The Revolutionary War

The Revolutionary War began in 1775, and is sometimes referred to as the American Revolution or the U.S. War of Independence, was a war for independence from Britain.

There were several factors which led to the Revolutionary War, beginning with the British trying to overtax the colonists in America. In 1770, many of the colonists protested against the British because they were being forced to give money to the government in Britain, yet they had no say or vote in that government. This is called taxation without representation.

The protests led to more violence in 1770 when the British soldiers fired at the colonists killing five men. This became known as the Boston Massacre. A few years later, the British placed a tax on tea, and the colonists had no choice to pay it because there was only one company selling tea. In protest of the unfair tax, several people from Boston were dressed as Indians went aboard some British ships and dumped the tea into the water as another protest. This became known as the Boston Tea Party. The British became angry and attempted to pass stricter rules, but the colonists resisted and war began.

The Continental Army was formed with George Washington as its commander in chief. On June 17, the first fighting took place at the Battle of Bunker Hill. The army killed many of the British soldiers during the battle, but it ended in a British victory, which only motivated the colonists to further fight for their independence. Due to this support, the Declaration of Independence was written, but the words themselves did not lead the British to give up. Instead, the British sent more troops to America to try and stop the rebellion and 34,000 of them landed in New York causing Washington's troops to evacuate the city across the Delaware River. However, Washington fought back, crossing the Delaware again, with a surprise attack against the British on Christmas night during the Battle of Trenton.

Over the next two years (1777-1778), there were several battles with both the British and the Americans declaring victory, including the Battles of Princeton, Germantown, Brandywine, Saratoga, and a few others. The winter of 1777 also saw George Washington and his troops struggling to survive the snow and cold weather at Valley Forge, but instead of becoming weaker, the troops became stronger. They attacked British forces who were trying to move from Philadelphia to New York. The battle ended in a tie, and both sides became deadlocked, each waiting to see what the other side would do. After the second Battle of Saratoga, France joined the American side in the war, which for over a year had been secretly providing help. France, though, did not officially declare war on Great Britain until June of 1778.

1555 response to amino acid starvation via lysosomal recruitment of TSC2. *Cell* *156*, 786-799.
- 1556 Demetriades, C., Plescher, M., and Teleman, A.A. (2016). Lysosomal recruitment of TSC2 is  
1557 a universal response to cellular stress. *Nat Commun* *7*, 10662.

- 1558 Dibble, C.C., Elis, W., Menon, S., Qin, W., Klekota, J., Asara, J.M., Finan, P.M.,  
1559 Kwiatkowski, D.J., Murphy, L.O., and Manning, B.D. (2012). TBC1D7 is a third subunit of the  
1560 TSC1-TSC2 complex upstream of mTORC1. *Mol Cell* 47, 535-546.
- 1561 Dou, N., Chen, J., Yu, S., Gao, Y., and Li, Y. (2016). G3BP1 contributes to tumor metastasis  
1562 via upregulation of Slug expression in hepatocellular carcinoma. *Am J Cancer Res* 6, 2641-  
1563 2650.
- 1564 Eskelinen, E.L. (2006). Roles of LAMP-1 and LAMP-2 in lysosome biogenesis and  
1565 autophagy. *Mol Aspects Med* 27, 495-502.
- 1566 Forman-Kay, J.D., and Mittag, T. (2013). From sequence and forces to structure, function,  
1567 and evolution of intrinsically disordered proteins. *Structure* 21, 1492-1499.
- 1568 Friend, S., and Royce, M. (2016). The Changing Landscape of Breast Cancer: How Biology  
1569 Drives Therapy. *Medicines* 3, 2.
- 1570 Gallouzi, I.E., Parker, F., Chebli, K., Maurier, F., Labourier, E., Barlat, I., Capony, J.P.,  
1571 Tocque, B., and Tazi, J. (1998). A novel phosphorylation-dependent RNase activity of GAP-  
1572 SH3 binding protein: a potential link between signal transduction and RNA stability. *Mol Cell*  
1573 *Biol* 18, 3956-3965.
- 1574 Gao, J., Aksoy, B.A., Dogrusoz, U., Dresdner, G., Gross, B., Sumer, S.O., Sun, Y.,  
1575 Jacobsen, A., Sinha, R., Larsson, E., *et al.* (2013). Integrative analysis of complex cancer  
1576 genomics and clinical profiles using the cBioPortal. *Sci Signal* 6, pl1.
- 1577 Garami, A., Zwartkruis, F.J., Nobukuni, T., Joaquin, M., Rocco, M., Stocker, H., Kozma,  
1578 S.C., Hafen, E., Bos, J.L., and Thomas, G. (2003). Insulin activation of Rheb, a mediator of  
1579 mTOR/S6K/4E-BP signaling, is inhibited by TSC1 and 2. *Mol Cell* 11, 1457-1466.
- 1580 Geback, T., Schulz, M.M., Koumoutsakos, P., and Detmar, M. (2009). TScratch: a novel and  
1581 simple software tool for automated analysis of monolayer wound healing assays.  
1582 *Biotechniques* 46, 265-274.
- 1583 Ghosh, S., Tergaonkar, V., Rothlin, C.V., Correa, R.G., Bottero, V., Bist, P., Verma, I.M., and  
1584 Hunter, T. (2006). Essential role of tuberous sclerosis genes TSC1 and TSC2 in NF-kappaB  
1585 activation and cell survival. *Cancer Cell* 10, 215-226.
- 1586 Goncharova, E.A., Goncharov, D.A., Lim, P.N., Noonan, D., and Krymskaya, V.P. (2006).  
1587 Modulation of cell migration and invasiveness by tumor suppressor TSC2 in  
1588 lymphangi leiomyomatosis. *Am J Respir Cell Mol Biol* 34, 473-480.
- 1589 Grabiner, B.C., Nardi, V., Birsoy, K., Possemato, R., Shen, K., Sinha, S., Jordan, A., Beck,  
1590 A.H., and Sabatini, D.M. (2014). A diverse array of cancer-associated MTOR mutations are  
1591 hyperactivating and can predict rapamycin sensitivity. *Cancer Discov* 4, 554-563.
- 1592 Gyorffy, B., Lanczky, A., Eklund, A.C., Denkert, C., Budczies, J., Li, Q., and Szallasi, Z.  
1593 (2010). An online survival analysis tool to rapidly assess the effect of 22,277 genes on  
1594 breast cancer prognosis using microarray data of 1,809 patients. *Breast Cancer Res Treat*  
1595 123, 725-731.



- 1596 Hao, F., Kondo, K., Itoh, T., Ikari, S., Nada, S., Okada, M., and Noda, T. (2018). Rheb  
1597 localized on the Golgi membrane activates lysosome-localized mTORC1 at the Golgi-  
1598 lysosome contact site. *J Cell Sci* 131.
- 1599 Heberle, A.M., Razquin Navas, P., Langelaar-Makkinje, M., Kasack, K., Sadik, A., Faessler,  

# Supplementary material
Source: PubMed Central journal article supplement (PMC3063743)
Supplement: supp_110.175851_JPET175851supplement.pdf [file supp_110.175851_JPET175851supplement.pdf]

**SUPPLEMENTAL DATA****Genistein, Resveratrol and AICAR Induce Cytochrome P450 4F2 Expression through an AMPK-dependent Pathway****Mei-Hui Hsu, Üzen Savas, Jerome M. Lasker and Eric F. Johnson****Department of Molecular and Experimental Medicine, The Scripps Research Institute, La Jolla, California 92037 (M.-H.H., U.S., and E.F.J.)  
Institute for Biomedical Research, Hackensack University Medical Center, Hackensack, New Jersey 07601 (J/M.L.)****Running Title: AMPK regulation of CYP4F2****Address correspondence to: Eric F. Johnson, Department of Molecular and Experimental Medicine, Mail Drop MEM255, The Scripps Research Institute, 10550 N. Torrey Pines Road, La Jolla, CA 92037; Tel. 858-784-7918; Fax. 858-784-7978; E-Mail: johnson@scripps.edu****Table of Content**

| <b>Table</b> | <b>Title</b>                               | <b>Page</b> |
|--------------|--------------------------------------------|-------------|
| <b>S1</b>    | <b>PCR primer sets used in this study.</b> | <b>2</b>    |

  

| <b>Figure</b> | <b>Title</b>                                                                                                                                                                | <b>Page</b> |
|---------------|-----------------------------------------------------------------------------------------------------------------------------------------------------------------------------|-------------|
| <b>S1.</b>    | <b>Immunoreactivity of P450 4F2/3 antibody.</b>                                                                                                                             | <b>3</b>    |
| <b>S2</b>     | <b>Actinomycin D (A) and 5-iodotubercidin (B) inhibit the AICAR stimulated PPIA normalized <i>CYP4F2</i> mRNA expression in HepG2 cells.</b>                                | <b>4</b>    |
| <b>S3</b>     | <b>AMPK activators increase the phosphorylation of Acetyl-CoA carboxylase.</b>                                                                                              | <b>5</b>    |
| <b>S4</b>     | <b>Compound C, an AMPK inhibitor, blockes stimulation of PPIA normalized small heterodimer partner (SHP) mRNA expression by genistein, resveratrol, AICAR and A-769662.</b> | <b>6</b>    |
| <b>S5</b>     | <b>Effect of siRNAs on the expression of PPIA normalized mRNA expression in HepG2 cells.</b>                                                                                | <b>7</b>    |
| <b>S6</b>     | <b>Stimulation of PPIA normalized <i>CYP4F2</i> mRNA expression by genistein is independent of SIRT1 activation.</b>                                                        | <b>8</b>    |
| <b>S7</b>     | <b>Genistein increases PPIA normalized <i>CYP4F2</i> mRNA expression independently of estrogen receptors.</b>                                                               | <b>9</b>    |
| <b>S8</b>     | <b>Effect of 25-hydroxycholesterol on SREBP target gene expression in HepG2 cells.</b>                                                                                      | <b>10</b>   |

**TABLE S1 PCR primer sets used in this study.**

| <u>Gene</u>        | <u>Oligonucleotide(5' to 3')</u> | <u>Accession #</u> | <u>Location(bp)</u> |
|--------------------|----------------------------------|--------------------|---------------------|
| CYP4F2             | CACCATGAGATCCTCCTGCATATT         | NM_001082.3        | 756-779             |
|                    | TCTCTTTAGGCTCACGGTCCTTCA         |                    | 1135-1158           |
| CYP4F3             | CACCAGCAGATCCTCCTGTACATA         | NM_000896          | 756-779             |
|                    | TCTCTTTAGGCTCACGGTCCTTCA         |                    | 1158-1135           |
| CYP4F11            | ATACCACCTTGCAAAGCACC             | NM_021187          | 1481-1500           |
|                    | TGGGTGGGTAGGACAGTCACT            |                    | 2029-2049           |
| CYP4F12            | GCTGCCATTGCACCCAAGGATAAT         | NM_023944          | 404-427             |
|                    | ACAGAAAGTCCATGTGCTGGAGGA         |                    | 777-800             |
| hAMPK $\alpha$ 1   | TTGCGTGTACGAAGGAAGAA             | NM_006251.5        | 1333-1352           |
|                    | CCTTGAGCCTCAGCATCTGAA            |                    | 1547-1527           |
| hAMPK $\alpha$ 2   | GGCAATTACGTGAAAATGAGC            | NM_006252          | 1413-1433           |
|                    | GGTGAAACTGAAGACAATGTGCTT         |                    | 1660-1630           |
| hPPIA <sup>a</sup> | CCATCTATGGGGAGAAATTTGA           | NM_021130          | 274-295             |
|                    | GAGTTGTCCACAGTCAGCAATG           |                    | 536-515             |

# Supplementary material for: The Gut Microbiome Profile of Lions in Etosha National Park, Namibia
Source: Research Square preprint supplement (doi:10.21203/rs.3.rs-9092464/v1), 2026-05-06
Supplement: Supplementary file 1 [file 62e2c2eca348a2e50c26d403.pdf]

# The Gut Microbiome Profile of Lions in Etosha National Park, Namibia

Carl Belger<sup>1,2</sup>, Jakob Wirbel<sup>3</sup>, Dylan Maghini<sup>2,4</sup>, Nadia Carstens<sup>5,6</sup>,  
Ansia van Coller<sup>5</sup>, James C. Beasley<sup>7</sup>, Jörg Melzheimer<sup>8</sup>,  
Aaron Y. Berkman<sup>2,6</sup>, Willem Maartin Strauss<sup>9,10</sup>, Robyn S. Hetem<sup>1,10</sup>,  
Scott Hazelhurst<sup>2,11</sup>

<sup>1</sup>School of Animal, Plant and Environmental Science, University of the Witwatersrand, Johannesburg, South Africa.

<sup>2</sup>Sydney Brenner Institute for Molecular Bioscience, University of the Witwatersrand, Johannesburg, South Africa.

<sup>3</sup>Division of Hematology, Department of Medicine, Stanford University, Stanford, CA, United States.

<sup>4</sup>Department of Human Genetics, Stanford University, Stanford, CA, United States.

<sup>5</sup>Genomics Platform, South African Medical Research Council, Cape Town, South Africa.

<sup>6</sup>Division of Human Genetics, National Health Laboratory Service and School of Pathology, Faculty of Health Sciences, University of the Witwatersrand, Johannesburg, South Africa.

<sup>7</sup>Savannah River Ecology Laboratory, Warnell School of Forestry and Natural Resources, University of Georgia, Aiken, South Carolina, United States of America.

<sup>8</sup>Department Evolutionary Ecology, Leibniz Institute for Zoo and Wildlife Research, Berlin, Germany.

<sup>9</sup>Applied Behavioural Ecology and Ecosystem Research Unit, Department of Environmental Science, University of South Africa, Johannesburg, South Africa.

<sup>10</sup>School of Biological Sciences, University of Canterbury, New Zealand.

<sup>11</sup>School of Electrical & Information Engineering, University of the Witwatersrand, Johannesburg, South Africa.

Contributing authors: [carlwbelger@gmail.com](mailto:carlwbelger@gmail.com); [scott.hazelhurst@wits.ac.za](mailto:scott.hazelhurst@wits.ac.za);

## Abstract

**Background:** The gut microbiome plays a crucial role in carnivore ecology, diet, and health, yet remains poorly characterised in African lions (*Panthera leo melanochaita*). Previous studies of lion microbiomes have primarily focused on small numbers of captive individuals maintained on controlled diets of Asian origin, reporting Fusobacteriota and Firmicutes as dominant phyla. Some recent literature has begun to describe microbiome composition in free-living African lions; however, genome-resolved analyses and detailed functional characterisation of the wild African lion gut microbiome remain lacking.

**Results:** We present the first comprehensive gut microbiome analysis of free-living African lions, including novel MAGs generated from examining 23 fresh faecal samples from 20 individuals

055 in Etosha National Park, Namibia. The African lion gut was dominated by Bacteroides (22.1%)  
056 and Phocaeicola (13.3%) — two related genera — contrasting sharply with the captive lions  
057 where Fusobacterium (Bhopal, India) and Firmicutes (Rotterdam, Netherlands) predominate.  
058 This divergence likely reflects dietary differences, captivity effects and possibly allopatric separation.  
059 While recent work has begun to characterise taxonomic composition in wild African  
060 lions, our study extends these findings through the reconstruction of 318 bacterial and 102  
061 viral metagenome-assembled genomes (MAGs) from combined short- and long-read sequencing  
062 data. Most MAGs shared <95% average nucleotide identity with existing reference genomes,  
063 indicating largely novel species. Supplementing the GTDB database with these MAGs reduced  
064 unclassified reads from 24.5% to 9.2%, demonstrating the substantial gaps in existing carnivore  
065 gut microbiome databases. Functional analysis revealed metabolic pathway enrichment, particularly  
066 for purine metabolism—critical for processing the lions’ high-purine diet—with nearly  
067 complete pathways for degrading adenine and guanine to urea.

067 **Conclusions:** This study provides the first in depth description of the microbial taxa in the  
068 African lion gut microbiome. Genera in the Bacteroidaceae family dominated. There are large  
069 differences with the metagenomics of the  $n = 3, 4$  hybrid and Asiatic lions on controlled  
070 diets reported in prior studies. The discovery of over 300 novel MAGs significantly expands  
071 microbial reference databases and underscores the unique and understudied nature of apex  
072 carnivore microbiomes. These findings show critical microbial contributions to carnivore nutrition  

Between 1779 and 1781, American troops suffered losses, including the defection of a general, Benedict Arnold, who initially was an American hero, became a traitor and switched sides to fight for the British. The battles continued between 1781 and 1783 when the war began to come to a close. The French navy attacked the British navy in the Chesapeake Bay, as well as bombed the British on land. On October 19, 1781, 8,000 British troops surrendered.

Following this Battle of Yorktown, the British government was concerned about losing the war decided to negotiate an end to the war. On September 3, 1783, the United States of America truly obtained their independence when Great Britain formally recognized America as an independent country in the Treaty of Paris. They also signed peace treaties with France, as well as Spain, which had entered the war in 1779. The Revolutionary War finally ended after eight years and many battles. America gained their independence and were no longer under the control of the British government.




A: Tax Act
B: Boston Tea Party
C: Boston Massacre
D: Boston Tax Massacre

A: Battle of Trenton
B: Battle of Yorktown
C: Battle of Saratoga
D: Battle of Bunker Hill

A: George Washington
B: Thomas Jefferson
C: Benedict Arnold
D: John Adams

A: 1777-1778
B: 1779-1781
C: 1781-1783
D: 1775-1778

A: George Washington
B: Thomas Jefferson
C: Benedict Arnold
D: John Adams

A: Treaty of Spain
B: Treaty of Paris
C: Treaty of America
D: Treaty of Britain








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